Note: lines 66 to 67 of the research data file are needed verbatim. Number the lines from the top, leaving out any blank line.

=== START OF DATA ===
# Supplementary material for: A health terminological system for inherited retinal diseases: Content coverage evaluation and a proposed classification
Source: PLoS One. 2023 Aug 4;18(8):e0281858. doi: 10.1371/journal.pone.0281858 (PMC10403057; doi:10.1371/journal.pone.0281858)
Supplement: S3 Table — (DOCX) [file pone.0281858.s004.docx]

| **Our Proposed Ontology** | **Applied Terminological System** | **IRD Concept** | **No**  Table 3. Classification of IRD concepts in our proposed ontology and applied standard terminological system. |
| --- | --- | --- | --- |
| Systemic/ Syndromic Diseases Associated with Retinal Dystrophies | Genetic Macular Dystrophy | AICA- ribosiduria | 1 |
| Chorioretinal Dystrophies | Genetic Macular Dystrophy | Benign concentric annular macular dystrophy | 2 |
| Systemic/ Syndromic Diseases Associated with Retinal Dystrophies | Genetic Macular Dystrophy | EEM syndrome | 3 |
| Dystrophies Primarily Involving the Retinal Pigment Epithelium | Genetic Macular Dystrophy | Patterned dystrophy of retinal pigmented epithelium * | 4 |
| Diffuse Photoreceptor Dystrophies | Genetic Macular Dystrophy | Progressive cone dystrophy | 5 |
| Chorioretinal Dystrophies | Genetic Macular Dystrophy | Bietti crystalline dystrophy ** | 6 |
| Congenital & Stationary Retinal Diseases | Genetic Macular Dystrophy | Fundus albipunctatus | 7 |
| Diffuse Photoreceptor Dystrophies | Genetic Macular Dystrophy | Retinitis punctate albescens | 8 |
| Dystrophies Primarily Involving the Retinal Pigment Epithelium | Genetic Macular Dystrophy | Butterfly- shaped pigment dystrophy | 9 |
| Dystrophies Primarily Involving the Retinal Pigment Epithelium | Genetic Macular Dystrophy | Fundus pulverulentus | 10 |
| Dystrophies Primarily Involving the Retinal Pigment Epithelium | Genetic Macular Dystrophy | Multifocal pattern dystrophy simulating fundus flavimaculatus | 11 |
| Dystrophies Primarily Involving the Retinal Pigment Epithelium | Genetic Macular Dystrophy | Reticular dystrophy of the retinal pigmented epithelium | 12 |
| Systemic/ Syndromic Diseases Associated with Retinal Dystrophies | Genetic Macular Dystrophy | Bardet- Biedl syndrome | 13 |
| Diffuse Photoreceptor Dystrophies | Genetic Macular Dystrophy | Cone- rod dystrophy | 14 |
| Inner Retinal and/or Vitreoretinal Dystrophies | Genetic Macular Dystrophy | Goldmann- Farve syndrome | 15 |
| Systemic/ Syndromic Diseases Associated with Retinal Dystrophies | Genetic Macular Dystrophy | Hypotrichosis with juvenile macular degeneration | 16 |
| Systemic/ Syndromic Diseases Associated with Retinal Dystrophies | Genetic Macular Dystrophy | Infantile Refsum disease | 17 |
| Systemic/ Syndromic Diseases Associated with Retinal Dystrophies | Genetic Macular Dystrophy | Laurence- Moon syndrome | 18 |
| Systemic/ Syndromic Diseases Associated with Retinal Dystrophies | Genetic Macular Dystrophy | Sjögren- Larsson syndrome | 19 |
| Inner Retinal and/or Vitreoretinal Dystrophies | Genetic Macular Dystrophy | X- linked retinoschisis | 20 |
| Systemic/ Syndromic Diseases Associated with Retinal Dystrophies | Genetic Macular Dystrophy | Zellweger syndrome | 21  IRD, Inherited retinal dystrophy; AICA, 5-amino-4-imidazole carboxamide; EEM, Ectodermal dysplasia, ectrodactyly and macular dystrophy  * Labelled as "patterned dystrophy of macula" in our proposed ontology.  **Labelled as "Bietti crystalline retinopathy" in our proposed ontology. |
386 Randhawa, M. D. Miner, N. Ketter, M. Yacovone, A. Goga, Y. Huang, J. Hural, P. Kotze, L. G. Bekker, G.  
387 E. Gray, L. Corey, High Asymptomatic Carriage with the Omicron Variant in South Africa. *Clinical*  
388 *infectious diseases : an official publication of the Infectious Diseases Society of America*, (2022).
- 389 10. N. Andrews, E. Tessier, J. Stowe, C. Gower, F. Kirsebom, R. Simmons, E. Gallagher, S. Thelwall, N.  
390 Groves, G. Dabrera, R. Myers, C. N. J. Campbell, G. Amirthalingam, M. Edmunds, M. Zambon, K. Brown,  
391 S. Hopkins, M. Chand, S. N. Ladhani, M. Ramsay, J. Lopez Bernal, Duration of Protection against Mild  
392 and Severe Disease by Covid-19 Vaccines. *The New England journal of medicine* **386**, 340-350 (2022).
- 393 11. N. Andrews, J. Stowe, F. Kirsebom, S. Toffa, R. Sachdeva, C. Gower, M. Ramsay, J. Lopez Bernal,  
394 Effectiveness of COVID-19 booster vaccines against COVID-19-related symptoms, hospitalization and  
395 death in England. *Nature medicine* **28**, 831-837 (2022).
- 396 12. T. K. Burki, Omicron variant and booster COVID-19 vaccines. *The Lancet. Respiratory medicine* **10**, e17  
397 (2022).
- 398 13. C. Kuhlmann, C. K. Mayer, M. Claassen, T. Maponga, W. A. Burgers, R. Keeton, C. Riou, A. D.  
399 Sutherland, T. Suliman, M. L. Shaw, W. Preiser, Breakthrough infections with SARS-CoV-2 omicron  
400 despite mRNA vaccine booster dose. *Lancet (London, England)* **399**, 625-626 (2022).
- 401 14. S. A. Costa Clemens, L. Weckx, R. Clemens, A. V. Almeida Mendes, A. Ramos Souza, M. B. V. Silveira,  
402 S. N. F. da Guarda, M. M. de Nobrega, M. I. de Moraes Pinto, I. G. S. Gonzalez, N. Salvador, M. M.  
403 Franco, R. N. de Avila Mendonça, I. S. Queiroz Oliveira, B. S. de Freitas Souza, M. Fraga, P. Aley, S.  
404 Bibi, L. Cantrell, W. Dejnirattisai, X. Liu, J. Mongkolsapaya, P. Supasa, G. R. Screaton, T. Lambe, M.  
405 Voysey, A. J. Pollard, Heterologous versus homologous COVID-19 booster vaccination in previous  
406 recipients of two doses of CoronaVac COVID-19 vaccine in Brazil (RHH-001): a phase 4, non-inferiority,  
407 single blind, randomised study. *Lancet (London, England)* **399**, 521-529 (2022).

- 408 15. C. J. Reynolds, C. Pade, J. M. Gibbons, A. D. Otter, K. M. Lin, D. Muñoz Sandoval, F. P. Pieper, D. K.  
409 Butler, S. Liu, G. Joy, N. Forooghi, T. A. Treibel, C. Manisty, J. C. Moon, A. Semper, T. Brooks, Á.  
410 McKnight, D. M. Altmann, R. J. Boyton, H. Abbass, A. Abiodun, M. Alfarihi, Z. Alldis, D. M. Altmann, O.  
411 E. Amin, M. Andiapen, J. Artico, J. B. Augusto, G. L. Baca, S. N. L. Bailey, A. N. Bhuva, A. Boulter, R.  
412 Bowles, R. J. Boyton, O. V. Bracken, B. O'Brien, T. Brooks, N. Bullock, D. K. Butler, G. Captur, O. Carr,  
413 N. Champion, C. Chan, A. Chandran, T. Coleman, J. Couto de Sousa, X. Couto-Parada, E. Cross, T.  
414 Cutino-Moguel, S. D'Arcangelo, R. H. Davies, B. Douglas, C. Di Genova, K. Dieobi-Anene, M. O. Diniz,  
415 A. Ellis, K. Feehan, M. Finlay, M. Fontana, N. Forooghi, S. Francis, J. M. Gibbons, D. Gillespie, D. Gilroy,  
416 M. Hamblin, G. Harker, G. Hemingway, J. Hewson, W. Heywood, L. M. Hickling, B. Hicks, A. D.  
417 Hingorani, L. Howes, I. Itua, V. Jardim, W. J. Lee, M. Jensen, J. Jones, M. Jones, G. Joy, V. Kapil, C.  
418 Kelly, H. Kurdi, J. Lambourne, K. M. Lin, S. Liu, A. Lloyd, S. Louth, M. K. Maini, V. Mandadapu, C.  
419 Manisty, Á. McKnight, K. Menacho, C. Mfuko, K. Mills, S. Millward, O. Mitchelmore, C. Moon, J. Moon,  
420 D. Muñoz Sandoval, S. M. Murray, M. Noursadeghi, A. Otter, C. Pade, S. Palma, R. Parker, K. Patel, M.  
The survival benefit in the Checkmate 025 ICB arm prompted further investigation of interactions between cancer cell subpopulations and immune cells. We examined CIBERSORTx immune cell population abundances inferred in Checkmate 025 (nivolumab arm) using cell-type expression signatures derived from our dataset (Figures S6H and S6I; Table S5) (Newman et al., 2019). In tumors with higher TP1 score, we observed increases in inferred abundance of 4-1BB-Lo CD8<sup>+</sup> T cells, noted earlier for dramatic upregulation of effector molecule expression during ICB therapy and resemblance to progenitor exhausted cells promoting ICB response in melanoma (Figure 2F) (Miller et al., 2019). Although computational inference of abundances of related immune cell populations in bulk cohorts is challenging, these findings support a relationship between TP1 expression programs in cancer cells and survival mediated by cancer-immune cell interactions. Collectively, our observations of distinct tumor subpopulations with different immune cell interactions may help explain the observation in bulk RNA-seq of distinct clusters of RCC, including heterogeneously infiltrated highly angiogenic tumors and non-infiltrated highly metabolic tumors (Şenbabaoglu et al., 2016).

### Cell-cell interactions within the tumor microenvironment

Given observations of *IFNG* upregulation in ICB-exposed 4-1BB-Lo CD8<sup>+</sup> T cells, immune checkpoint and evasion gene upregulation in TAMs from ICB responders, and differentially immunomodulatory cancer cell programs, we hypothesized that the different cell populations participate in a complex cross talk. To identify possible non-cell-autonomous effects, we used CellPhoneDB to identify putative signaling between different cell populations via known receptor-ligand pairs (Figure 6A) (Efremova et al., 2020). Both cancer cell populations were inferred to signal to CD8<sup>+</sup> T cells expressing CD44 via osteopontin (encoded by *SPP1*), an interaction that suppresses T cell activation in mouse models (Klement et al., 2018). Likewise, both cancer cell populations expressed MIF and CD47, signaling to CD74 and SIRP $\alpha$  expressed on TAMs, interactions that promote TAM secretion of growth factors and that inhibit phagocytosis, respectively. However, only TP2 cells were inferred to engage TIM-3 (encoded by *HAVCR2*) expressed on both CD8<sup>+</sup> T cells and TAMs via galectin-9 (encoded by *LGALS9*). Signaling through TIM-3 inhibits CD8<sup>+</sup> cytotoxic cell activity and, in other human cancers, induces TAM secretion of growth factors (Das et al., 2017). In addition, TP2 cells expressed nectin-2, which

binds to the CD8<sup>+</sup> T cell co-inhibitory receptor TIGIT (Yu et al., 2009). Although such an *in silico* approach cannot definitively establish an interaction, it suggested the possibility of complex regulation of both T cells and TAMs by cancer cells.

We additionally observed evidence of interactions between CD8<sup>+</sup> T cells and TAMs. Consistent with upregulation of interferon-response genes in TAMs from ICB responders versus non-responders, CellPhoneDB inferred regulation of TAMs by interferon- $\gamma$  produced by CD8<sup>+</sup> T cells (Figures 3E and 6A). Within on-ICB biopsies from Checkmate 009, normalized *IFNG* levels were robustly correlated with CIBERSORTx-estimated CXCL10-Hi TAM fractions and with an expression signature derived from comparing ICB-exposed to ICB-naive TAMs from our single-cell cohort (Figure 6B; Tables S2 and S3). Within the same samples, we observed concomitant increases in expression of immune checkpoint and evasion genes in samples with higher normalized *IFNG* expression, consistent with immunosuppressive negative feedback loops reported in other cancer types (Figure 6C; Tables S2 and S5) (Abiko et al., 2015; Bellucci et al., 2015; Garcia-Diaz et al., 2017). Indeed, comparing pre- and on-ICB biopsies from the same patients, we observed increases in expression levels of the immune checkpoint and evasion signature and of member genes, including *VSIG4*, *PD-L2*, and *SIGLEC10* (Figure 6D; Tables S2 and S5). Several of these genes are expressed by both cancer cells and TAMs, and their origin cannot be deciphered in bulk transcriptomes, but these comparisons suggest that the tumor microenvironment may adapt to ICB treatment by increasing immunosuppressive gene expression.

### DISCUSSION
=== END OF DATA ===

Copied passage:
We additionally observed evidence of interactions between CD8<sup>+</sup> T cells and TAMs. Consistent with upregulation of interferon-response genes in TAMs from ICB responders versus non-responders, CellPhoneDB inferred regulation of TAMs by interferon- $\gamma$  produced by CD8<sup>+</sup> T cells (Figures 3E and 6A). Within on-ICB biopsies from Checkmate 009, normalized *IFNG* levels were robustly correlated with CIBERSORTx-estimated CXCL10-Hi TAM fractions and with an expression signature derived from comparing ICB-exposed to ICB-naive TAMs from our single-cell cohort (Figure 6B; Tables S2 and S3). Within the same samples, we observed concomitant increases in expression of immune checkpoint and evasion genes in samples with higher normalized *IFNG* expression, consistent with immunosuppressive negative feedback loops reported in other cancer types (Figure 6C; Tables S2 and S5) (Abiko et al., 2015; Bellucci et al., 2015; Garcia-Diaz et al., 2017). Indeed, comparing pre- and on-ICB biopsies from the same patients, we observed increases in expression levels of the immune checkpoint and evasion signature and of member genes, including *VSIG4*, *PD-L2*, and *SIGLEC10* (Figure 6D; Tables S2 and S5). Several of these genes are expressed by both cancer cells and TAMs, and their origin cannot be deciphered in bulk transcriptomes, but these comparisons suggest that the tumor microenvironment may adapt to ICB treatment by increasing immunosuppressive gene expression.

### DISCUSSION